United States District Court, N.D. Alabama, Middle Division
MEMORANDUM OPINION AND ORDER
VIRGINIA EMERSON HOPKINS, United States District Judge
death penalty habeas action brought pursuant to 28 U.S.C.A.
§ 2254 comes before the Court on petitioner's Motion
To Alter or Amend Judgment and To Reconsider Denial of a
Certificate of Appealability (doc. 59). The respondent has
opposed (doc. 63) and petitioner has replied (doc. 66).
Additionally, on April 15, 2017, the petitioner filed a
Notice of Supplemental Authority (doc. 70). Accordingly, the
matter is ripe for determination.
Court's 347-page Memorandum Opinion (doc. 57) entered on
August 31, 2016, comprehensively sets out the
undersigned's reasoning and conclusions on each of
petitioner's myriad habeas claims. Petitioner has not
satisfied the Rule 59(e) standard for reconsideration, as his
arguments either rehash what he has already said or otherwise
do not meet the “manifest error” standard for
relief. Additionally, any “new” arguments are
jurisdictionally barred. Accordingly, the Motion is due to
be, and hereby is, DENIED.
petitioner, Mark Allen Jenkins (“Mr. Jenkins”),
was convicted and sentenced to death in the Circuit Court of
St. Clair County, Alabama, for the 1989 murder of Tammy Ruth
Hogeland during the course of a robbery and kidnaping. The
Alabama state courts devoted significant efforts to hearing
and adjudicating Mr. Jenkins's direct appeal. The Supreme
Court of the United States has denied certiorari three times
in this action.
16, 2008, Mr. Jenkins timely filed in this District Court a
113-page § 2254 Petition for Writ of Habeas Corpus by
Person in State Custody under Death Sentence. On August 11,
2008, Mr. Jenkins filed an amended § 2254 Petition in
this District Court. The respondent filed an answer to the
amended petition. On November 12, 2008, this action was
stayed to allow Mr. Jenkins to pursue a second state Rule 32
petition, which he filed in state court on October 1, 2008.
The Alabama State Court heard and adjudicated Mr.
Jenkins's second Rule 32 petition. On June 20, 2013, Mr.
Jenkins filed an amended petition in this District Court,
raising his newly-exhausted Rule 32 claim. The respondent
filed an answer to the amendment on September 3, 2013. Mr.
Jenkins filed a reply brief on November 14, 2013.
November 14, 2013, Mr. Jenkins filed a Motion for an
Evidentiary Hearing, in which he raised an Atkins
claim. The respondent opposed this motion. After Mr. Jenkins
filed his reply brief in that motion, on March 31, 2015, this
Court denied Mr. Jenkins's motion.
August 24, 2015, this Court ordered the respondent to
supplement the record, which the respondent did two days
later. On August 31, 2016, after considering all the
pleadings and the voluminous record, this Court issued its
Memorandum Opinion and its Order denying the petition and
denying a certificate of appealability as to all of Mr.
September 28, 2016 (the 28th calendar day after entry of the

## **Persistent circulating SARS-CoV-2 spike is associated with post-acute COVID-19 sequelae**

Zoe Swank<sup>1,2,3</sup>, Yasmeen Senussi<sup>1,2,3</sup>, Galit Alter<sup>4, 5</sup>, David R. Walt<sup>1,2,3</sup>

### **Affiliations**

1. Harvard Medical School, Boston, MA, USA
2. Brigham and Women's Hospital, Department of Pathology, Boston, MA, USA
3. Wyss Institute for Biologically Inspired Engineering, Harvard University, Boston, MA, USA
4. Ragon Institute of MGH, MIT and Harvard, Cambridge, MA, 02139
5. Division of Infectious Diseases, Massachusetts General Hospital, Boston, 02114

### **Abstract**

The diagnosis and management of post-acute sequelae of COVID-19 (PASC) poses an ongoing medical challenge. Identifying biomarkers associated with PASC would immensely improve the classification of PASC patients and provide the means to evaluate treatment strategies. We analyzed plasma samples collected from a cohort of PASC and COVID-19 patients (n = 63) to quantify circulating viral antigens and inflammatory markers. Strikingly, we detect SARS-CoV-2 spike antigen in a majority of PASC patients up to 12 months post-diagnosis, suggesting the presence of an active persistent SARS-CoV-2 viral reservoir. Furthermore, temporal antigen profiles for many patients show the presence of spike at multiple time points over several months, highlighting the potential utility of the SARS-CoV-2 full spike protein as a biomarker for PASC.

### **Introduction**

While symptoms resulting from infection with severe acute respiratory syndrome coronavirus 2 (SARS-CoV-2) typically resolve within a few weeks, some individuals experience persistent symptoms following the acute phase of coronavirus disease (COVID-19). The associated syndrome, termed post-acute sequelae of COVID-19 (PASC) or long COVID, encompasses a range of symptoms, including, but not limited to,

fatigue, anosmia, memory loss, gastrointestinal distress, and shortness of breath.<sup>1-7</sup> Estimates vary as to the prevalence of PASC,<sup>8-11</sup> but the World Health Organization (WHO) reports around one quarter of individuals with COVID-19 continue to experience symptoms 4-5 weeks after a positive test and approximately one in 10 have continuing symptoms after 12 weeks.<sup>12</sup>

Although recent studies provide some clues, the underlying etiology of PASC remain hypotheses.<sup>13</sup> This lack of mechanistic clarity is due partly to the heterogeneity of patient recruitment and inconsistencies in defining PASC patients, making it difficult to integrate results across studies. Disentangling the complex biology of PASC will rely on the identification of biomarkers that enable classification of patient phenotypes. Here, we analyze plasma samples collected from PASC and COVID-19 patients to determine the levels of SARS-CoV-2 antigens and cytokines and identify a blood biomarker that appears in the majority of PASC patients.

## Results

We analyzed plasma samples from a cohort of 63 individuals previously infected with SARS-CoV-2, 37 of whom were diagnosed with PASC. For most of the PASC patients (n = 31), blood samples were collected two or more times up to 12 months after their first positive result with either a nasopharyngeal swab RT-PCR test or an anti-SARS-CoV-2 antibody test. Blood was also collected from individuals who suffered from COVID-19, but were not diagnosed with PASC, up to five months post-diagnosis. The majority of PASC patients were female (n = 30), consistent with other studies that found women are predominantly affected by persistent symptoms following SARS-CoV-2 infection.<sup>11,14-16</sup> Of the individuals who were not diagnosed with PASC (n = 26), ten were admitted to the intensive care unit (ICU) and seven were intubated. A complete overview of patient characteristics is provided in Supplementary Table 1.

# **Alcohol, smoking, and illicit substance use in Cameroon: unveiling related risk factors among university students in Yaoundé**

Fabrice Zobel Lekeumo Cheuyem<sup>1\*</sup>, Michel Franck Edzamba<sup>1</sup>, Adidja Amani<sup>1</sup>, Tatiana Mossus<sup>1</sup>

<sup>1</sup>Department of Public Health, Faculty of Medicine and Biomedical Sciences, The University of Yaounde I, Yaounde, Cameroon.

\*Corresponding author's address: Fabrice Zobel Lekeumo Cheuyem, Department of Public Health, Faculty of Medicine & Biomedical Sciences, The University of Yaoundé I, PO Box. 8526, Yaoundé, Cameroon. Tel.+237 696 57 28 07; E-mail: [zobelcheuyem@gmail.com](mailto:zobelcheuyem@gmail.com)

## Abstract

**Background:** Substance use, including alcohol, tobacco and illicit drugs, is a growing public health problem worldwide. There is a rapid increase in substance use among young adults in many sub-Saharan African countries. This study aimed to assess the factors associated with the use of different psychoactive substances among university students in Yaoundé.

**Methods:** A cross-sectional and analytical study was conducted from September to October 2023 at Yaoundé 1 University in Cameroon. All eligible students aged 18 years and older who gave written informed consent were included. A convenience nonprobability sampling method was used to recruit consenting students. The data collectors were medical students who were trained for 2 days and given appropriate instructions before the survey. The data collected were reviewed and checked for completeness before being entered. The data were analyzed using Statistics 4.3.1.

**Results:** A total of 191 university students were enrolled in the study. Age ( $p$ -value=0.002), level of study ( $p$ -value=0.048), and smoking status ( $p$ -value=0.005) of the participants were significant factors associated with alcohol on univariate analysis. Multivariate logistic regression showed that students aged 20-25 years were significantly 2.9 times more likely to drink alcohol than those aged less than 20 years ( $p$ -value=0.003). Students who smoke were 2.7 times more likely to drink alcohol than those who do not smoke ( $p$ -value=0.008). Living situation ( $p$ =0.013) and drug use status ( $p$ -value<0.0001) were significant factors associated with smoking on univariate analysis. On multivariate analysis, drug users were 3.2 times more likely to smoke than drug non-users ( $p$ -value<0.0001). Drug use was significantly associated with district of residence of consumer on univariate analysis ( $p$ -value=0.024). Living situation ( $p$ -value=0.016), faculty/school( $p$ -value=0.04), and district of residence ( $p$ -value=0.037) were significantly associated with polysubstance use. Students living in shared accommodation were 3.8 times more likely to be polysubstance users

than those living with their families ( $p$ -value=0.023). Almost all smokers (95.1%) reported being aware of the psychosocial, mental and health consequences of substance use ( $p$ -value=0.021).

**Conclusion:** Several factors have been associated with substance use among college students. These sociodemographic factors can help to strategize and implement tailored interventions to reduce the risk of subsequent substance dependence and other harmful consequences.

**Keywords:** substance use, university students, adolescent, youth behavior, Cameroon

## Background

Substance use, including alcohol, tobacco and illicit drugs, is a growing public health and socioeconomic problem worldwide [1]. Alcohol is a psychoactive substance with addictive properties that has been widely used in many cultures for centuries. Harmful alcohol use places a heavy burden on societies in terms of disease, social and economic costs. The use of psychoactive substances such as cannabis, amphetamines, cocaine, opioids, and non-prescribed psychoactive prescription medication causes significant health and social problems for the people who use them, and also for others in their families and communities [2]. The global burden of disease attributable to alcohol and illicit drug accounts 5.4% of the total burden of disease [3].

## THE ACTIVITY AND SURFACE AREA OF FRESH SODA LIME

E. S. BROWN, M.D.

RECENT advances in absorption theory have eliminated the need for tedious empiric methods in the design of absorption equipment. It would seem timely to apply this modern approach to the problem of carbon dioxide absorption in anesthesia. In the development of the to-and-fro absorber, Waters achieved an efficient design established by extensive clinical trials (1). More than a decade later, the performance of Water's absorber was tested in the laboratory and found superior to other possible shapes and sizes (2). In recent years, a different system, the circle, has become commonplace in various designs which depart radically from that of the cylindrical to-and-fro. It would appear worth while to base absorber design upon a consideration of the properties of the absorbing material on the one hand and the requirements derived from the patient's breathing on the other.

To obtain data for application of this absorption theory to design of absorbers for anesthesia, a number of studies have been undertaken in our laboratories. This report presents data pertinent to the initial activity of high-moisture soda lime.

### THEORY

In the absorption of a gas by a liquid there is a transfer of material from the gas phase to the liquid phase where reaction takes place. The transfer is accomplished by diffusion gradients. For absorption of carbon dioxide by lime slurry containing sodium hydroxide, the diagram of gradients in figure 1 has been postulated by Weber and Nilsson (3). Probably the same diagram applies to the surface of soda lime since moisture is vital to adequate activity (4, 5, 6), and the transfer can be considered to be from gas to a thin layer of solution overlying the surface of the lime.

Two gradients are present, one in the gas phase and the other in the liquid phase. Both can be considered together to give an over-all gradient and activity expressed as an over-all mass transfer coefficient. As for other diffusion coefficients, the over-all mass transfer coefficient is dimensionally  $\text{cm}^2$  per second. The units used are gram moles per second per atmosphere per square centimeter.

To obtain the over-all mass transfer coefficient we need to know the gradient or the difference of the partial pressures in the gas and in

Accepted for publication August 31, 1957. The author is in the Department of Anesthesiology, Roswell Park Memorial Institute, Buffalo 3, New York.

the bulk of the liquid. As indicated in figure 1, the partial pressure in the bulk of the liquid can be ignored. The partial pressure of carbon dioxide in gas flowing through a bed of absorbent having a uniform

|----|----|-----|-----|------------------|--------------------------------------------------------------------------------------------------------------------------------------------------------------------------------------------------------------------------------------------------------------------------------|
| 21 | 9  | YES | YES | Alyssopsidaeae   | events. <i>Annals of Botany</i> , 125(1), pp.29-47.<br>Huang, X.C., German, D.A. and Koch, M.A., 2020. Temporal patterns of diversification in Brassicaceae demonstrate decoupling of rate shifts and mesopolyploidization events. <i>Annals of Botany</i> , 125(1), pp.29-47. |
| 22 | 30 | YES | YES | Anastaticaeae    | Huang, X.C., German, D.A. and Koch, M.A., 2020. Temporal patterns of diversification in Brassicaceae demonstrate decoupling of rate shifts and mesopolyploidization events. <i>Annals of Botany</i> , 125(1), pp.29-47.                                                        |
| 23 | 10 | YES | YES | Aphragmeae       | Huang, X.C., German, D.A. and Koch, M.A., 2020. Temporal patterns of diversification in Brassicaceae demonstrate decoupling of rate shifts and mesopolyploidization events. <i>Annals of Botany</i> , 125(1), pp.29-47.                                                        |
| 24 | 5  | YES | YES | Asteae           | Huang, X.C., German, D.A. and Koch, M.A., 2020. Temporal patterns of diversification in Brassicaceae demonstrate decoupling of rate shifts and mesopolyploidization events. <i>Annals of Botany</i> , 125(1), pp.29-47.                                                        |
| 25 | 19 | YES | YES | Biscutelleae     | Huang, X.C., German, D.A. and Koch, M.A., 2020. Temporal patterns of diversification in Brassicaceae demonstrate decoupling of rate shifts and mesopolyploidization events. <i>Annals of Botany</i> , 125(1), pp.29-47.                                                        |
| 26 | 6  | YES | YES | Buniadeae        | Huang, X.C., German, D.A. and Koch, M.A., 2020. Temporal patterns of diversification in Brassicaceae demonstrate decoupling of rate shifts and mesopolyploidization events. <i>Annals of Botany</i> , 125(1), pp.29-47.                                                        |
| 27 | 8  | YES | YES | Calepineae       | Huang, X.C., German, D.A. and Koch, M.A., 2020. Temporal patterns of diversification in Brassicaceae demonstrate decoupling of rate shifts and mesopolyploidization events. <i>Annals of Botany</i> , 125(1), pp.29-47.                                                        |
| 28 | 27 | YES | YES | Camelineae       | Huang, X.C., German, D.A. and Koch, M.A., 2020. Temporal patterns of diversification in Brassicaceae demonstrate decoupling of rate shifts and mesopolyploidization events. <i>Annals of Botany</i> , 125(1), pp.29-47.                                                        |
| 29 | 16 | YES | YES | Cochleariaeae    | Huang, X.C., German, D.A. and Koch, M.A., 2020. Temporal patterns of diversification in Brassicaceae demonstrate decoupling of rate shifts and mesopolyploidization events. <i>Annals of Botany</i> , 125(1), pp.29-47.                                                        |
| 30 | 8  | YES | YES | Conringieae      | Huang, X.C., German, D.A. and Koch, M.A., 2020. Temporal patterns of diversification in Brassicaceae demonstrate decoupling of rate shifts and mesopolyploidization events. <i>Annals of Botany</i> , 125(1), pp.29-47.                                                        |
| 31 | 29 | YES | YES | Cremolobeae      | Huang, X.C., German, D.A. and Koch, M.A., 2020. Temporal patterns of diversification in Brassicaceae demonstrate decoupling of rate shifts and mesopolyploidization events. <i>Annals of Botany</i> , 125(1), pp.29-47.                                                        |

August 31 Memorandum Opinion and Order), Mr. Jenkins filed
his 87-page Motion To Alter or Amend Judgment and To
Reconsider Denial of a Certificate of Appealability under
Rule 59(e), Fed.R.Civ.P. In that Motion, petitioner asks that
this Court reexamine all or virtually all of the issues
denied by this Court.
the Motion asserts that this Court erred because it
“largely adopt[ed] Alabama courts' unreasonable
determinations” (doc. 59 at 5) in denying Mr.
Jenkins's claim of (1) ineffective assistance of counsel
(with 7 sub-claims under this claim) (doc. 59 at 5-70); (2)
juror misconduct (with 3 sub-claims) (id. at 70-75);
(3) intellectual disability (“Atkins”)
(with 24 “aspects” listed without any analysis)
(id. at 75-82); and (4) ineffective assistance
claims based on Batson (with 12
“aspects” listed without any analysis)
(id. at 82-87).
Rule 59(e) Standard Generally
standard in this Circuit will be applied by this
decision to alter or amend judgment is committed to the sound
discretion of the district judge and will not be overturned
on appeal absent an abuse of discretion.” Am. Home
Assur. Co. v. Glenn Estess & Assocs., Inc., 763 F.2d
1237, 1238-39 (11th Cir. 1985) (citing Futures Trading
Comm'n v. Am. Commodities Group, 753 F.2d 862, 866
(11th Cir. 1984)). “While, as a rule, parties are not
entitled to ‘two bites at the apple', there are
occasions in which reconsideration should be
entertained.” Lussier v. Dugger, 904 F.2d 661,
667 (11th Cir. 1990) (citing Am. Home, 763 F.2d at
Eleventh Circuit has summarized the limited scope of relief
that is available to a litigant under Rule 59(e):
“The only grounds for granting [a Rule 59] motion are
newly-discovered evidence or manifest errors of law or
fact.” In re Kellogg, 197 F.3d 1116, 1119
(11th Cir. 1999). “[A] Rule 59(e) motion [cannot be
used] to relitigate old matters, raise argument or present
evidence that could have been raised prior to the entry of
judgment.” Michael Linet, Inc. v. Village of
Wellington, Fla., 408 F.3d 757, 763 (11th Cir. 2005).
Arthur v. King, 500 F.3d 1335, 1343 (11th Cir.
2007); see also Jacobs v. Tempur-Pedic Int'l,
Inc., 626 F.3d 1327, 1344 (11th Cir. 2010)
(“Reconsidering the merits of a judgment, absent a
manifest error of law or fact, is not the purpose of Rule
59.”); Stone v. Wall, 135 F.3d 1438, 1442
(11th Cir. 1998) (“The purpose of a Rule 59(e) motion
is not to raise an argument that was previously available,
but not pressed.”). “The extremely limited nature
of the Rule 59(e) remedy cannot be overstated. To prevail on
a motion to reconsider, ‘[t]he losing party must do
more than show that a grant of the motion might have been
warranted; he must demonstrate a justification for relief so
compelling that the court was required to grant the
motion.' Maradiaga v. United States, 679 F.3d
1286, 1291 (11th Cir.2012) (citations and internal marks
omitted).” Lee v. Thomas, No. CIV.A.
10-0587-WS-M, 2012 WL 3137901, at *2 n.1 (S.D. Ala. Aug. 1,
Mr. Jenkins's proffered standard is erroneous.
for Mr. Jenkins, in his reply brief, states “the
Commissioner correctly asserts this Court may grant a motion
to correct a manifest error o[f] law or fact.” (Doc. 66
at 1-2, citing doc. 63 at 5). He next states that
“[b]ecause each issue raised in Mr. Jenkins's
Motion identifies, with specificity, such legal or factual
errors, the Court should grant this motion to reconsider and
grant relief for the reasons set forth in that motion.”
(Id. at 2). He then argues that, “[c]ontrary
to the Commissioner's related assertion
- i.e., that manifest errors of law or fact